Restaurant of great drama

Top Restaurant chronicles the ups and downs of a Peking duck restaurant called Fu Ju De in the early 1900s.
Top Restaurant chronicles the ups and downs of a Peking duck restaurant called Fu Ju De in the early 1900s.PHOTO: ESPLANADE

REVIEW / THEATRE

TOP RESTAURANT

Beijing People's Art Theatre

Esplanade Theatre/Thursday

In cooking, the ingredients, method of preparation and seasoning come together to create a sumptuous dish, one that smells, looks and tastes incredible. Chefs know the more you practise, the better you get.

  • BOOK IT /TOP RESTAURANT

  • WHERE: Esplanade Theatre, 1 Esplanade Drive

    WHEN: Today, 8pm; tomorrow2.30pm

    ADMISSION: $38to $128 from Sistic (call 6348-5555 or go to www.sistic.com.sg)

In theatre, the same holds true. The script, the actors, how fast a line is recited, how a scene is set - every detail goes towards creating an unforgettable experience.

So viewers of this Mandarin play, which premiered in 1988 and saw its 510th performance on Thursday, know they are getting a work of art, honed from years of toil, experimentation and refinement.

First performed in Singapore in 1994 at the Kallang Theatre, this is its second run here. It chronicles the ups and downs of a Peking duck restaurant called Fu Ju De in the early 1900s.

As its ageing boss retires, the restaurant is left to his two sons, but neither is interested in running it.

An outsider called Lu Mengshi (played by actor Liu Hui) is employed to keep the business running. But as he turns its fortunes around, tensions arise when the two sons start fighting with him over its takings and management.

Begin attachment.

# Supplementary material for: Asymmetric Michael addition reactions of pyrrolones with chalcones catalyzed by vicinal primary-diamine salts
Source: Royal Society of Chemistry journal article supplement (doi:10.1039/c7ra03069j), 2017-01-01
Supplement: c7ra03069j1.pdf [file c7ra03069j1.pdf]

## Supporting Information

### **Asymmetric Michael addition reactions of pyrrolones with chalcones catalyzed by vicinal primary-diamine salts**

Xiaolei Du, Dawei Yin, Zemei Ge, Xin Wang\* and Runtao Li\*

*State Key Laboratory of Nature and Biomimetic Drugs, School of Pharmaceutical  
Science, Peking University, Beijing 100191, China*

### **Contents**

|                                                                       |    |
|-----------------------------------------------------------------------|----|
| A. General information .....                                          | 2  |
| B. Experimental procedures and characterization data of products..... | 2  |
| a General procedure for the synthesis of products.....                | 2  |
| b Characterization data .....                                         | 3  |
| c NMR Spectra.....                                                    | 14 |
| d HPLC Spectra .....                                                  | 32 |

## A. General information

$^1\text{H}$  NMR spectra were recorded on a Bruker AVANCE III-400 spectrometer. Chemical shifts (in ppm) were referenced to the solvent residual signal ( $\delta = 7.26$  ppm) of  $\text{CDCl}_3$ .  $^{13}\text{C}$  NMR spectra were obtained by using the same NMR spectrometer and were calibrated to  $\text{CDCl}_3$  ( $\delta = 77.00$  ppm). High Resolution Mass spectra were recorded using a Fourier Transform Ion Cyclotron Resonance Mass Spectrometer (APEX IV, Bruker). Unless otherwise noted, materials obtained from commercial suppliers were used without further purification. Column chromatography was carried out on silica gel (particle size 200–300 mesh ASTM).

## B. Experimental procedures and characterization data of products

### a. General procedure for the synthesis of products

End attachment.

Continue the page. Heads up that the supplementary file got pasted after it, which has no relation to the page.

Against this power struggle, smaller skirmishes and misunderstandings play out among staff members - such as its hardworking lead waiter, rebellious head chef and gentle assistant manager.

More than just a regular "work-drama", the show makes an effort to develop the characters' history and personal lives. Their entertaining anecdotes and witty repartee pepper the story.

Creditors, gourmands, regulars and strangers who come in and out of the restaurant add more flavour.

The political backdrop - with the lingering influence of dynasty rule and the struggling establishment of the Chinese Republic era - is also not ignored.

At times, the production was let down by the English and Chinese surtitles, which are sometimes early, sometimes late, and at one point missing.

But this did not do much to mar the overall well-crafted and nuanced production, a recipe of great drama executed with finesse and meticulous detail, like a well-prepared roast duck dish - its skin crispy, its flesh tender, light, flavourful, but not fatty.

Just remember to have a full meal before entering the theatre. All that talk about food is bound to make one hungry.

A version of this article appeared in the print edition of The Straits Times on March 25, 2017, with the headline 'Restaurant of great drama'. Print Edition | Subscribe